My neighbor Madeleine phoned me this morning to ask what last night’s barking was all about. It’s a fact that my dog Sophia has been excitable over the last week or so, and more so than ever last night. For the last few months, many residents of Choranche and the neighboring mountain villages have been convinced that hungry wolves are roaming through our lovely woods during the night, searching for meat. And meat—as everybody knows—could mean more than innocent lambs (of which a certain number have indeed been devoured in mysterious circumstances since the start of autumn). Meat could mean us! So, in phoning me to make sure that Sophia wasn’t barking last night because she had cornered a wolf in my henhouse, Madeleine was simply being vigilant in an everyday sense, like looking to each side before you cross a road, or peering under your bed of an evening before jumping in, to make sure that nobody’s hiding there.
Back in the 18th century, in the nearby Lozère region of France, in a place called the Gévaudan, a mysterious wild beast terrorized the rural folk for three years. Can we be sure, today, that the beast of the Gévaudan didn’t leave generations of descendants that have been hiding away in lonely mountain caves (like those at Choranche) up until now? With monsters, one never knows. In any case, I’m quite excited about the current atmosphere of mild hysteria due to the alleged presence of wolves at Choranche. When I step outside for a late-night pee in the dark before going to bed, I imagine that a wolf might dash out from behind one of my giant linden trees, and devour me, and maybe Sophia too. The next morning, Madeleine and her husband Dédé would find nothing more at Gamone than a pile of clean bones.
To be perfectly honest, when Sophia started to get excited last night, I went outside to see what was happening, and I clearly heard the mournful barking of a roe deer (called chevreuil in French) on the other side of Gamone Creek. They’re solitary nocturnal animals, and the males bark in a strangely muffled way (like a dog with a blocked nose) to attract females. Madeleine was disappointed. “Are you sure it was a chevreuil? Are you sure it wasn’t the bark of a fox?” What she really meant to ask me was: “Are you sure it wasn’t a wolf?”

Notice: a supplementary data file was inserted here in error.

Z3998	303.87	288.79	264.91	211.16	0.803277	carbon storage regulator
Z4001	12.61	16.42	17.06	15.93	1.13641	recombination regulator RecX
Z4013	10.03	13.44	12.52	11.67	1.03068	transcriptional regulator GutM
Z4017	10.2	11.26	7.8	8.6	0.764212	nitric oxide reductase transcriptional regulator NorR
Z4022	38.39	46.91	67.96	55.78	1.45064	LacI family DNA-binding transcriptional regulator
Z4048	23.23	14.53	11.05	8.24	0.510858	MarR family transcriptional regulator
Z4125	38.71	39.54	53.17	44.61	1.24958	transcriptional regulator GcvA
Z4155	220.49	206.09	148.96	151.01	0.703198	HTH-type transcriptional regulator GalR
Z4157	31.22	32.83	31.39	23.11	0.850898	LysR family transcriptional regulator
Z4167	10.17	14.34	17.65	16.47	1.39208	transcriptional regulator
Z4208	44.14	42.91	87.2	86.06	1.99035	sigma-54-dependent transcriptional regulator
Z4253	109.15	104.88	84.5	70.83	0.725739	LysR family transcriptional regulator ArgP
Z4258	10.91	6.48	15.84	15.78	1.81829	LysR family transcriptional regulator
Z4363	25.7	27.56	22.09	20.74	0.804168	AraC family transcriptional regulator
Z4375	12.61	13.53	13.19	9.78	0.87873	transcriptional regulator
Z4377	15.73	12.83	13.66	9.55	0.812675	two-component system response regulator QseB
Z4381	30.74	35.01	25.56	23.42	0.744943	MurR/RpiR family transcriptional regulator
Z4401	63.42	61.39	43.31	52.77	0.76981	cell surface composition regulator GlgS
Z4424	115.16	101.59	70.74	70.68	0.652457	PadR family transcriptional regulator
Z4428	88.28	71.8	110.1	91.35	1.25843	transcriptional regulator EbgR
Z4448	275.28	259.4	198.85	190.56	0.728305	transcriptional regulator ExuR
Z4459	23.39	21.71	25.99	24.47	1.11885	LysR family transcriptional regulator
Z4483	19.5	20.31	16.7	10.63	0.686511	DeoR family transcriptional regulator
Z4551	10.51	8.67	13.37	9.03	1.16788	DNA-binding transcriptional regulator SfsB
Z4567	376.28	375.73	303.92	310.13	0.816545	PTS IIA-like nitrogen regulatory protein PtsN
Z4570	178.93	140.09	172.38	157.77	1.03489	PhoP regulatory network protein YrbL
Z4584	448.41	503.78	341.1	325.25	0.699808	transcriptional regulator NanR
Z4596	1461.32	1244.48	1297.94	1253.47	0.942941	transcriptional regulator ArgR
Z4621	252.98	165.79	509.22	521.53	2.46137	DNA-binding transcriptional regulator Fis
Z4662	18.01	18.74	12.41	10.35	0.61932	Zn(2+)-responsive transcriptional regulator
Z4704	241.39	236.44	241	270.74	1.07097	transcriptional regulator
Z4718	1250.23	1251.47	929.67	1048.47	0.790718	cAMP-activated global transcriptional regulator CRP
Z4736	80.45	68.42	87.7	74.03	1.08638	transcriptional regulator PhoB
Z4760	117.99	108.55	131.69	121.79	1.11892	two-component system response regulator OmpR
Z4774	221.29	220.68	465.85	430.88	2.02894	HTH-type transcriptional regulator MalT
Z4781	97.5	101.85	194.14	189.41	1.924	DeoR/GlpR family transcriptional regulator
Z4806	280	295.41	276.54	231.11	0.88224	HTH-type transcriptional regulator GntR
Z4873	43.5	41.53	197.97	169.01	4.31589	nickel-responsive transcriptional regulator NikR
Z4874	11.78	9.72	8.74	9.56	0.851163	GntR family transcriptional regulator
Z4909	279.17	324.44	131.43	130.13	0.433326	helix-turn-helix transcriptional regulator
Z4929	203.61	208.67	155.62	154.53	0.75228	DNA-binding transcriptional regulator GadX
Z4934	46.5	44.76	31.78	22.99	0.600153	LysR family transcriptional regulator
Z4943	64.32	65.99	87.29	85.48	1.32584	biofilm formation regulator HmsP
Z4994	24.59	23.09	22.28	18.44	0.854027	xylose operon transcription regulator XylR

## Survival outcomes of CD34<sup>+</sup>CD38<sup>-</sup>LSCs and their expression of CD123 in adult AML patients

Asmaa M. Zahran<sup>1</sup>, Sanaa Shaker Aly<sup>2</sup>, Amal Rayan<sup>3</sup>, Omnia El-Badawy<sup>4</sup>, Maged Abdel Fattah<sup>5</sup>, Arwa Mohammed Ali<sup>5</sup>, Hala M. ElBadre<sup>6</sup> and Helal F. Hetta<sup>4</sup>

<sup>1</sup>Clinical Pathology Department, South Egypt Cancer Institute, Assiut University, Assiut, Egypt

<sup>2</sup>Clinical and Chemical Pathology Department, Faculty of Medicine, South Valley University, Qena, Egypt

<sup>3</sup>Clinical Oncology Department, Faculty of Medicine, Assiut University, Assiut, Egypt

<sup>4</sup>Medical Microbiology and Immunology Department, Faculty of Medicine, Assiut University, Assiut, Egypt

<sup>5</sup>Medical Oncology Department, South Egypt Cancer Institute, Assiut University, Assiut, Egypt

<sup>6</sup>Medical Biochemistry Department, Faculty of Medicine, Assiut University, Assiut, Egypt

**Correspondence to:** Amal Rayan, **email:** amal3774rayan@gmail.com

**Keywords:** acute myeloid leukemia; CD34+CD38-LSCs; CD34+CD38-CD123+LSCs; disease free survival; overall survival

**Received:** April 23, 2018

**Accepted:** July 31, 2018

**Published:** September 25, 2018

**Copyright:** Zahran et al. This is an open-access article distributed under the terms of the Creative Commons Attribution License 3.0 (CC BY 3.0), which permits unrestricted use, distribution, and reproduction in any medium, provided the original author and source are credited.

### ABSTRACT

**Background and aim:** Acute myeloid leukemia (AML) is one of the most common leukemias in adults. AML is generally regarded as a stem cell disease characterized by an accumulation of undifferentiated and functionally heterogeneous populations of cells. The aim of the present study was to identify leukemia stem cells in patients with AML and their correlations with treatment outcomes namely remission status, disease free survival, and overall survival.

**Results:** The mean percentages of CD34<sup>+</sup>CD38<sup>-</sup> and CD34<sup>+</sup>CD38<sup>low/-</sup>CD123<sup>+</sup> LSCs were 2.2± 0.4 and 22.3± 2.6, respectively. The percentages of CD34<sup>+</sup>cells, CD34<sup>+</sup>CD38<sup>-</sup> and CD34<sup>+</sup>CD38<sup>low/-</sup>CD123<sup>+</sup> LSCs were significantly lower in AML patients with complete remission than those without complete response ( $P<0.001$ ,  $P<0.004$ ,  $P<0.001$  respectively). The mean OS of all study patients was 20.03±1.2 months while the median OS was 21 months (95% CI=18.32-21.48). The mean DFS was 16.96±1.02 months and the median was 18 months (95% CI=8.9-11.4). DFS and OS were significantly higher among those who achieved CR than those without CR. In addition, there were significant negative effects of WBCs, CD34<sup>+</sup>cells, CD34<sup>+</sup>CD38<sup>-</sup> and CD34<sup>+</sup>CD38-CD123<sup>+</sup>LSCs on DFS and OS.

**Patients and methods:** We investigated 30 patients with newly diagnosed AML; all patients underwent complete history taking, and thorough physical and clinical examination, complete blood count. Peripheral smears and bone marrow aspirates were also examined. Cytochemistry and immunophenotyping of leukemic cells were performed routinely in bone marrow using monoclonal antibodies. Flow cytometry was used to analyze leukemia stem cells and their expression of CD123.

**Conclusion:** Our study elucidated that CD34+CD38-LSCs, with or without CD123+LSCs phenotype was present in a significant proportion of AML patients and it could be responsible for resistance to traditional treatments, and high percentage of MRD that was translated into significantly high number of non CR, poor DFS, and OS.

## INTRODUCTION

The British geneticist J B S Haldane [1892-1964] imagined a fascinating dog story, retold by Richard Dawkins in The God Delusion. Apparently experiments have demonstrated that dogs can use their muzzles to distinguish between two similar chemical products: caprylic acid and caproic acid, whose molecules differ by no more than two carbon atoms. In human terms, you might say that a dog distinguishes between these two products in the same style that we humans might distinguish between a pale pink ribbon and a medium pink ribbon. Now, there’s a third product called capric acid, with two more carbon atoms. Haldane suggested, as it were, that a dog might be capable of imagining the smell of this third product, without ever having actually encountered it, just as we could move from a pale pink to a medium pink ribbon, and then imagine a dark pink ribbon. When I go out walking with Sophia, I love to think that I’m in the presence of a high-precision molecular detector.
For ages, Sophia has operated as my high-tech alarm clock, trotting up to my bedroom and nudging me when she knows that it’s just the right time for me to wake up. In fact, the first thing I now do of a morning, when Sophia has eaten her morning meal and returned to the warmth of the kitchen after enjoying her first pee out on the slopes, and I’m making coffee in my splendid new De Longhi machine, is to ask her: “Tell me, did your snout happen to pick up any wolf molecules during the night?” Up until now, thank goodness, Sophia has never replied to that question with a firm yes. On the other hand, I must remain vigilant, because Sophia hasn’t actually said no, either.